4. An insulating material according to claim 3 wherein the hydrated material is hydrated lime.
5. An insulating material according to claim 3 wherein the hydrated material is hydrated alumina.
6. An insulating material according to claim 2 wherein at least one of the fillers undergoes endothermic dissociation on heating.
7. An insulating material according to claim 6 wherein the material which undergoes endothermic dissociation comprises limestone powder.
8. An insulating material according to claim 6 wherein the material which undergoes endothermic dissociation is powdered dolomite.
9. An insulating material according to any preceding claim wherein the water soluble silicate comprises sodium silicate.
10. An insulating material according to any preceding claim wherein the water soluble silicate comprises potassium silicate.
11. An insulating material according to any preceding claims wherein at least one filler is such as to encourage ion exchange with the electropositive ions of the silicate binder to reduce the water solubility thereof.
12. An insulating material according to claim 11 wherein the ion exchange salt includes a calcium salt.
1 3. An insulating material according to claim 11 wherein the ion exchange salt includes a magnesium salt.
14. An insulating material substantially as hereinbefore described with reference to Example 1 of the foregoing examples.
1 5. An insulating material substantially as hereinbefore described with reference to Example 2 of the foregoing examples.
1 6. A method of making a thermal insulating material according to any one of the preceding claims and comprising the steps of mixing the blend of finely divided fillers with an aqueous solution of the silicate binder, causing or allowing the material to form a foam, and drying the foam.
1 7. A method according to claim 16 and including the step of incorporating an air entraining agent in the mixture.
18. A method according to claim 17 wherein said air entraining agent is amine air entraining agent.
1 9. A method according to any one of claims 1 6 to 1 8 including the step of introducing an ingredient containing trapped air into the mixture,
20. A method according to claim 19 wherein the ingredient containing trapped air comprises pfa cenospheres.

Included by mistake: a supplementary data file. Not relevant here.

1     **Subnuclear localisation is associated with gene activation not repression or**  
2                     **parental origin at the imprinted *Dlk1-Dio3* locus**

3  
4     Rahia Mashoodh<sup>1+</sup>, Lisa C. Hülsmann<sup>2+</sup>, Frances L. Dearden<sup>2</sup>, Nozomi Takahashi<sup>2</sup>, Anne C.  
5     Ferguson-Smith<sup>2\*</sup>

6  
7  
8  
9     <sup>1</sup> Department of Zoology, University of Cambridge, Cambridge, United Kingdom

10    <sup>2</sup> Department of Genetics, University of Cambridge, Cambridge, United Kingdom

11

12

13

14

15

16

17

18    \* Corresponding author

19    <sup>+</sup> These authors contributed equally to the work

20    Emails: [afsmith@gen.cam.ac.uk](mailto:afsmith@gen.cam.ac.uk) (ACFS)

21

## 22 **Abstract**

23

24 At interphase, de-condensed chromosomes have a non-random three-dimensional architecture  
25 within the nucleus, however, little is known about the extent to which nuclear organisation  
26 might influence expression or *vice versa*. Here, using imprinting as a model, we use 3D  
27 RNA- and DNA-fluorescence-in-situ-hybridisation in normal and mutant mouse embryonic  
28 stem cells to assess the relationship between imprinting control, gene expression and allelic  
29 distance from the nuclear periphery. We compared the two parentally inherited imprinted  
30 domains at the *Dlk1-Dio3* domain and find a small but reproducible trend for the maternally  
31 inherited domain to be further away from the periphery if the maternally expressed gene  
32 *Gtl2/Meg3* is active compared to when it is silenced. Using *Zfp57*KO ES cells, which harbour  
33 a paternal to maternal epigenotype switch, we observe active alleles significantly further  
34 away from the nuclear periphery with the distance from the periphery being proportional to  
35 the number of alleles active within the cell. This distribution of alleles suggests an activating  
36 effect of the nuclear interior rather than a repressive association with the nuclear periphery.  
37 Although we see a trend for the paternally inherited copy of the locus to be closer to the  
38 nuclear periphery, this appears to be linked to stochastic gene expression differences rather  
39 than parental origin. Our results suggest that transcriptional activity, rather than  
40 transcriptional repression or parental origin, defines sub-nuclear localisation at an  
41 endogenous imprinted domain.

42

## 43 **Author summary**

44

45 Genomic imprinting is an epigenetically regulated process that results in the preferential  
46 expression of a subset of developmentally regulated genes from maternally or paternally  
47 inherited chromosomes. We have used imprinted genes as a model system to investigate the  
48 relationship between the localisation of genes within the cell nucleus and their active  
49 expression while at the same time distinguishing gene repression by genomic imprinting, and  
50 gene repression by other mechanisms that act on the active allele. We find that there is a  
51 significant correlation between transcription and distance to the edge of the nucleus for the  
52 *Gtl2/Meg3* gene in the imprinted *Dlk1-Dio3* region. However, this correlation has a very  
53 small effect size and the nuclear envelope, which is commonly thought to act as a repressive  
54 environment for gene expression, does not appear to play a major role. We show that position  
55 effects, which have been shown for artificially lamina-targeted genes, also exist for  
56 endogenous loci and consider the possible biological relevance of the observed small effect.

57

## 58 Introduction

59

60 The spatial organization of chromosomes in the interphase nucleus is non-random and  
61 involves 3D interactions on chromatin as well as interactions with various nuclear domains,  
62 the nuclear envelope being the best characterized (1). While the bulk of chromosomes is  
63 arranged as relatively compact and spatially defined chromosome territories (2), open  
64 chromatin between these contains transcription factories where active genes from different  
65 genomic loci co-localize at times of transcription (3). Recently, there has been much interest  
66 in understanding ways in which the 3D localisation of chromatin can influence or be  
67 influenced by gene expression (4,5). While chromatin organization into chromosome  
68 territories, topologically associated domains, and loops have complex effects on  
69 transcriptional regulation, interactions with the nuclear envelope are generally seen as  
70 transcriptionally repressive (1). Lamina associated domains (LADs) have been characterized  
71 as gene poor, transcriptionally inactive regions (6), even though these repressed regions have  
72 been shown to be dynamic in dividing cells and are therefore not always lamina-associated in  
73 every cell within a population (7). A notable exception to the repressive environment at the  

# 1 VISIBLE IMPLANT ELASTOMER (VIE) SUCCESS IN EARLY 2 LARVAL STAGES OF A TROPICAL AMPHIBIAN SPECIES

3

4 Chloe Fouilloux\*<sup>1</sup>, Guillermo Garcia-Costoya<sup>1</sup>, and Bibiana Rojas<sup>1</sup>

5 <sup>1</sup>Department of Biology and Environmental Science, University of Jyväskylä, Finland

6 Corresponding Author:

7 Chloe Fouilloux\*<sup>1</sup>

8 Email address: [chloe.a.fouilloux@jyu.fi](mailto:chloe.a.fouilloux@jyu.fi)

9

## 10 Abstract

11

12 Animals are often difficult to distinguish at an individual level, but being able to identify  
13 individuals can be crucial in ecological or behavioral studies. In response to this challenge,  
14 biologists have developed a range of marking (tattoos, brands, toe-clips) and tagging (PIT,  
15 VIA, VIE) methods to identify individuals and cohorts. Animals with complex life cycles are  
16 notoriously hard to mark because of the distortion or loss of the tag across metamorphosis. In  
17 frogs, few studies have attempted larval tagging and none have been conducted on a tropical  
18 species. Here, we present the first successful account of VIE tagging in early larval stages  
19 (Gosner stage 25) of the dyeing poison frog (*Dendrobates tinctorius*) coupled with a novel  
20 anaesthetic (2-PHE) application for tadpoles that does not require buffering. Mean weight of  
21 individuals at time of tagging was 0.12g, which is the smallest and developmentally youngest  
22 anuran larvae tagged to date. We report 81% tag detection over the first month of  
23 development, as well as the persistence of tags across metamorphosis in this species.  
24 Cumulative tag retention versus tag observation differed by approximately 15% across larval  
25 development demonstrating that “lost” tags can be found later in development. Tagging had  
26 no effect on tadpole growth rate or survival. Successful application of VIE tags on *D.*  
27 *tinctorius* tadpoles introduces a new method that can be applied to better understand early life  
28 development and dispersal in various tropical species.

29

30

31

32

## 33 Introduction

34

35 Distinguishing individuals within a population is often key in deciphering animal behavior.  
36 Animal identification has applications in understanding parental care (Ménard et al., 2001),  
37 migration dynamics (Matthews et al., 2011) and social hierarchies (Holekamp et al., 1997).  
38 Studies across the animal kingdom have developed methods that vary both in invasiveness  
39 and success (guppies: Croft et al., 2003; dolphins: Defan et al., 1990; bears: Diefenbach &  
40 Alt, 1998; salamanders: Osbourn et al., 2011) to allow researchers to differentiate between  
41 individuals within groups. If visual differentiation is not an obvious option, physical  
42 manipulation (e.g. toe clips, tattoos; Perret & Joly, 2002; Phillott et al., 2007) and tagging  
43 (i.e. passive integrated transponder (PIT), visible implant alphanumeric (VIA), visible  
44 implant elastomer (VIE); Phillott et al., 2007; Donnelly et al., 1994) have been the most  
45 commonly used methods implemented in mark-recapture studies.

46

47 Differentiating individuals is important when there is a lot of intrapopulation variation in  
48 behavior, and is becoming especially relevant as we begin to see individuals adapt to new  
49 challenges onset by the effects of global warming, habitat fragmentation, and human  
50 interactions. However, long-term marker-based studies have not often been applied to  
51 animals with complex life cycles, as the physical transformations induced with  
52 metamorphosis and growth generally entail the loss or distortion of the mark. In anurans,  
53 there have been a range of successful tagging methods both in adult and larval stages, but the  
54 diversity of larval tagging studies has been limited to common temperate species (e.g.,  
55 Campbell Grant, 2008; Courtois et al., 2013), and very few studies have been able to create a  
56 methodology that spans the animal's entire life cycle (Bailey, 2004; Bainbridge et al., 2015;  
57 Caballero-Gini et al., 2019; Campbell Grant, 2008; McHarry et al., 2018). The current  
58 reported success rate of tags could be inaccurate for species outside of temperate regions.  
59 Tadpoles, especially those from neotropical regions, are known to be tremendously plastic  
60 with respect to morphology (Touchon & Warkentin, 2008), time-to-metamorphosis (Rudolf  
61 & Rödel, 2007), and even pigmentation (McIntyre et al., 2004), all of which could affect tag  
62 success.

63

21. A method according to any one of claims 16 to 20 wherein foaming is produced by rapid heating of the aqueous solution.
22. A method according to claim 21 wherein said rapid heating is carried out by microwave irradiation.
23. A method of making a thermal insulating material substantially as hereinbefore described with reference to Example 1 of the foregoing examples.
24. A method of making an insulating material substantially as hereinbefore described with reference to Example 2 of the foregoing examples.
GB8003018A 1979-02-01 1980-01-29 Insulating Material Withdrawn GB2041908A (en)

Priority Applications (2)

Application Number Priority Date Filing Date Title
GB7903599 1979-02-01
GB8003018A GB2041908A (en) 1979-02-01 1980-01-29 Insulating Material

Applications Claiming Priority (1)

Application Number Priority Date Filing Date Title
GB8003018A GB2041908A (en) 1979-02-01 1980-01-29 Insulating Material

Publications (1)

Publication Number Publication Date
GB2041908A true GB2041908A (en) 1980-09-17

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ID=26270425

Family Applications (1)

Application Number Title Priority Date Filing Date
GB8003018A Withdrawn GB2041908A (en) 1979-02-01 1980-01-29 Insulating Material

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GB (1) GB2041908A (en)

Cited By (5)

* Cited by examiner, † Cited by third party
Publication number Priority date Publication date Assignee Title
EP0084266A2 (en) * 1981-12-31 1983-07-27 Fujii, Minoru Refractory coating compositions
GB2348875A (en) * 1999-04-17 2000-10-18 Mahmoud Salem Lightweight composites containing cenospheres and a cementing agent or thermoplastic polymer
WO2001040136A2 (en) * 1999-12-02 2001-06-07 Foseco International Limited Refractory insulating construction element
GB2365006A (en) * 2000-02-19 2002-02-13 Foseco Int Refractory composition; moulding
WO2003078349A1 (en) * 2002-03-20 2003-09-25 Universität Für Chemie Und Technologie, Prag Geopolymer binder based on fly ash

Cited By (10)

* Cited by examiner, † Cited by third party
Publication number Priority date Publication date Assignee Title
EP0084266A2 (en) * 1981-12-31 1983-07-27 Fujii, Minoru Refractory coating compositions
EP0084266A3 (en) * 1981-12-31 1984-02-01 Fujii, Minoru Refractory coating compositions
US4802921A (en) * 1981-12-31 1989-02-07 Minoru Fujii Refractory coating composition
GB2348875A (en) * 1999-04-17 2000-10-18 Mahmoud Salem Lightweight composites containing cenospheres and a cementing agent or thermoplastic polymer
GB2348875B (en) * 1999-04-17 2003-11-26 Mahmoud Salem Lightweight composites (LWCC)
WO2001040136A2 (en) * 1999-12-02 2001-06-07 Foseco International Limited Refractory insulating construction element
WO2001040136A3 (en) * 1999-12-02 2002-10-17 Foseco Int Refractory insulating construction element
GB2365006A (en) * 2000-02-19 2002-02-13 Foseco Int Refractory composition; moulding
GB2365006B (en) * 2000-02-19 2002-08-21 Foseco Int Refractory compositions
WO2003078349A1 (en) * 2002-03-20 2003-09-25 Universität Für Chemie Und Technologie, Prag Geopolymer binder based on fly ash